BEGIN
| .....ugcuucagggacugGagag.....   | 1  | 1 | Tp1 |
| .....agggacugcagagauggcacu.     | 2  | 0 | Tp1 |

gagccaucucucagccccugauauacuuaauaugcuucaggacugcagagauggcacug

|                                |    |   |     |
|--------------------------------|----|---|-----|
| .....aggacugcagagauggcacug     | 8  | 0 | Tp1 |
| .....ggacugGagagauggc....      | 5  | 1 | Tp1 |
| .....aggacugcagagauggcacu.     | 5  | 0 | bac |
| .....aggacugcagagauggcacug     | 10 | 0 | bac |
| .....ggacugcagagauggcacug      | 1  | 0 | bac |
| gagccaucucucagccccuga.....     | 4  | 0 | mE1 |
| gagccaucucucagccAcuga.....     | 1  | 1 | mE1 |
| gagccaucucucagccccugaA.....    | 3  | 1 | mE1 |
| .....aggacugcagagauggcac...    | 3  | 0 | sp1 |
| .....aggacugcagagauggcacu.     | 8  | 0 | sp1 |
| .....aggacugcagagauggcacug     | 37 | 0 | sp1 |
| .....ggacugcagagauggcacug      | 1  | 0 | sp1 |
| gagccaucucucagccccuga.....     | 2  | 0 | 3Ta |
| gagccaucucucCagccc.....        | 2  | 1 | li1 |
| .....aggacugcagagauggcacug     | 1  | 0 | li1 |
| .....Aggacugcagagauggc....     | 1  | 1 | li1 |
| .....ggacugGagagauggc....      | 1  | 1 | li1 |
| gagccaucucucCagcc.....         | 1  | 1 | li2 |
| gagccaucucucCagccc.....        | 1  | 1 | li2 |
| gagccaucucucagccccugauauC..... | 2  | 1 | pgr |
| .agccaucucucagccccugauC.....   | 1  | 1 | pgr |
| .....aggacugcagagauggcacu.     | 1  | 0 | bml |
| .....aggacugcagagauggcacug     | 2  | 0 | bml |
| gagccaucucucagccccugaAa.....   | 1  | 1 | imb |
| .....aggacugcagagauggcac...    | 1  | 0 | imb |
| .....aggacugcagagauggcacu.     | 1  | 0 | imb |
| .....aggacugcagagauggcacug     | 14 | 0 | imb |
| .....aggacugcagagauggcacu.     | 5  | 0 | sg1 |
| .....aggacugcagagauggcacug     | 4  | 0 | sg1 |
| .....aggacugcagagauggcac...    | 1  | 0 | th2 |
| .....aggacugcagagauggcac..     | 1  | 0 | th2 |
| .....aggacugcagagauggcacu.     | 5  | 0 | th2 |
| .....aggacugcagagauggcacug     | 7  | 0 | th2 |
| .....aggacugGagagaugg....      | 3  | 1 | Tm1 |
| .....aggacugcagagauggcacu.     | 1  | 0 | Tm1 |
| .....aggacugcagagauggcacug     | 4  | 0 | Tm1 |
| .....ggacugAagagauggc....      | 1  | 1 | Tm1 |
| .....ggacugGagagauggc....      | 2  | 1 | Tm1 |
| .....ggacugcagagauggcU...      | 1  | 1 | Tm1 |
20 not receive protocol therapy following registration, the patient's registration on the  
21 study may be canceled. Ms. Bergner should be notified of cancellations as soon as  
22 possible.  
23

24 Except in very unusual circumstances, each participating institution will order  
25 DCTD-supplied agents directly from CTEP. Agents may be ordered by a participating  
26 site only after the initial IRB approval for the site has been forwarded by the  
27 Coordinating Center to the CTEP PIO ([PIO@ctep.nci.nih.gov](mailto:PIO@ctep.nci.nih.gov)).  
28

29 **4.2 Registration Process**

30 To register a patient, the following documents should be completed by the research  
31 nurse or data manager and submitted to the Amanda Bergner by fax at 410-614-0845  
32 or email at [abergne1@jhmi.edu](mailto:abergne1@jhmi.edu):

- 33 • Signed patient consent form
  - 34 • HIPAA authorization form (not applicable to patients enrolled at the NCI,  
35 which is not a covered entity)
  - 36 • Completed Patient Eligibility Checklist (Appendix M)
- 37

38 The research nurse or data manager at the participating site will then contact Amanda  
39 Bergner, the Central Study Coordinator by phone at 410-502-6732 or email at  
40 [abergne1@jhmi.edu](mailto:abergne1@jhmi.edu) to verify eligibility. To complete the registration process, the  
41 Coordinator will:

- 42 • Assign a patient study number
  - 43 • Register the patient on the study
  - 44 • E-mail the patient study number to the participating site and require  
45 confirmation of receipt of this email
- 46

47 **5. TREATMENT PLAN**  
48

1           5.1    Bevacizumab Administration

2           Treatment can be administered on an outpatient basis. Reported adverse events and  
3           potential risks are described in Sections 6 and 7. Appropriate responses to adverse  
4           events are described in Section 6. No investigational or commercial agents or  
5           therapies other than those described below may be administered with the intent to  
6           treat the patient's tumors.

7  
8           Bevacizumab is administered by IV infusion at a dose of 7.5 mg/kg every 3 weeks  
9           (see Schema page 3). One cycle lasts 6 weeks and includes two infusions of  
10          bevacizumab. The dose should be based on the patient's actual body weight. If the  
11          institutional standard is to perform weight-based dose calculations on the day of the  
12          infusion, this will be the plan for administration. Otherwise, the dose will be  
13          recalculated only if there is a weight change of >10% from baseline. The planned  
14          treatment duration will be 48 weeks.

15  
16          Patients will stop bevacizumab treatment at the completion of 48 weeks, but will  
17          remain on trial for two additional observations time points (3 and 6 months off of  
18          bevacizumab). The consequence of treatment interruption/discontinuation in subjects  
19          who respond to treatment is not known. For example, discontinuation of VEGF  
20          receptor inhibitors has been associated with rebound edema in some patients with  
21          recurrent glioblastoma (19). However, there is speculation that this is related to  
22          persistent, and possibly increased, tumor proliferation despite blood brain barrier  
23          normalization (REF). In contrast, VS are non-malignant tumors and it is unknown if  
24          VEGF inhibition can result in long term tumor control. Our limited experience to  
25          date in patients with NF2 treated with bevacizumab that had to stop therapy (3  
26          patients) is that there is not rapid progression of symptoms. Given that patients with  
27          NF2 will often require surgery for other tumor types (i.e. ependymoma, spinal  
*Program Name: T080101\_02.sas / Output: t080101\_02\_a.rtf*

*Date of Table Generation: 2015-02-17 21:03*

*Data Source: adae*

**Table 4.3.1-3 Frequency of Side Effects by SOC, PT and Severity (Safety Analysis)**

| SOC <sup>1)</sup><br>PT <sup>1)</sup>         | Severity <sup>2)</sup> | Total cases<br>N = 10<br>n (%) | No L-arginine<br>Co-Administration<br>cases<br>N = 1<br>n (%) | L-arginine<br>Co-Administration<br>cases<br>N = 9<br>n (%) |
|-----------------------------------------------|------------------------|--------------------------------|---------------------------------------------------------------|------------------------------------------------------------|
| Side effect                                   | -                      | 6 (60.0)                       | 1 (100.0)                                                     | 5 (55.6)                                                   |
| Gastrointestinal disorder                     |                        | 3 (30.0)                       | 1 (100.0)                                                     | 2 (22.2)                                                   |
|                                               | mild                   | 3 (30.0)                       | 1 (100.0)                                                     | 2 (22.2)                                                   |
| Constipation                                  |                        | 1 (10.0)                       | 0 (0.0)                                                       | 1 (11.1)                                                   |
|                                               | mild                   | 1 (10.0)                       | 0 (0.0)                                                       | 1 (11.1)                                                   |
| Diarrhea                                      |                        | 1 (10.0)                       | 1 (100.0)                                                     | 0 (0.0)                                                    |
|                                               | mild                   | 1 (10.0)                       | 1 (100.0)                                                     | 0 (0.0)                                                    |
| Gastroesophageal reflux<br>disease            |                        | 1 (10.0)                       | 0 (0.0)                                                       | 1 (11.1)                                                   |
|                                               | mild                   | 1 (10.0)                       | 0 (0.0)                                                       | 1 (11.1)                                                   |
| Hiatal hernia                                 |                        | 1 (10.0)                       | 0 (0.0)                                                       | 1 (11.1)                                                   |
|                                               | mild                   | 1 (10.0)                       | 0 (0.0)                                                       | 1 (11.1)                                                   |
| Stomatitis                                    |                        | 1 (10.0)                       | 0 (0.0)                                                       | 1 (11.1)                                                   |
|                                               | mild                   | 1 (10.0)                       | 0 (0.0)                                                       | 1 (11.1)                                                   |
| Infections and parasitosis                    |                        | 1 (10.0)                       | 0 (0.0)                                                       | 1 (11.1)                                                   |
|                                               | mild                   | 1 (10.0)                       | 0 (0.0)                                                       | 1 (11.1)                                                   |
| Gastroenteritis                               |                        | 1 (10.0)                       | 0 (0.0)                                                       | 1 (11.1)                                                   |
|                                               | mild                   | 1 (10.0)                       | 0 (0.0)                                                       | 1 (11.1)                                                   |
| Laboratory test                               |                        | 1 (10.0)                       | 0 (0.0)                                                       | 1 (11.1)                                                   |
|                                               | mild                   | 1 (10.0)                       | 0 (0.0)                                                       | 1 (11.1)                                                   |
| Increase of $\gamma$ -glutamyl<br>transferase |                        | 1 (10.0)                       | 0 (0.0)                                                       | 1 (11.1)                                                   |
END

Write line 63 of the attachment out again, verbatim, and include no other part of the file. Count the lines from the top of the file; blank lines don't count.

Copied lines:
38 The research nurse or data manager at the participating site will then contact Amanda  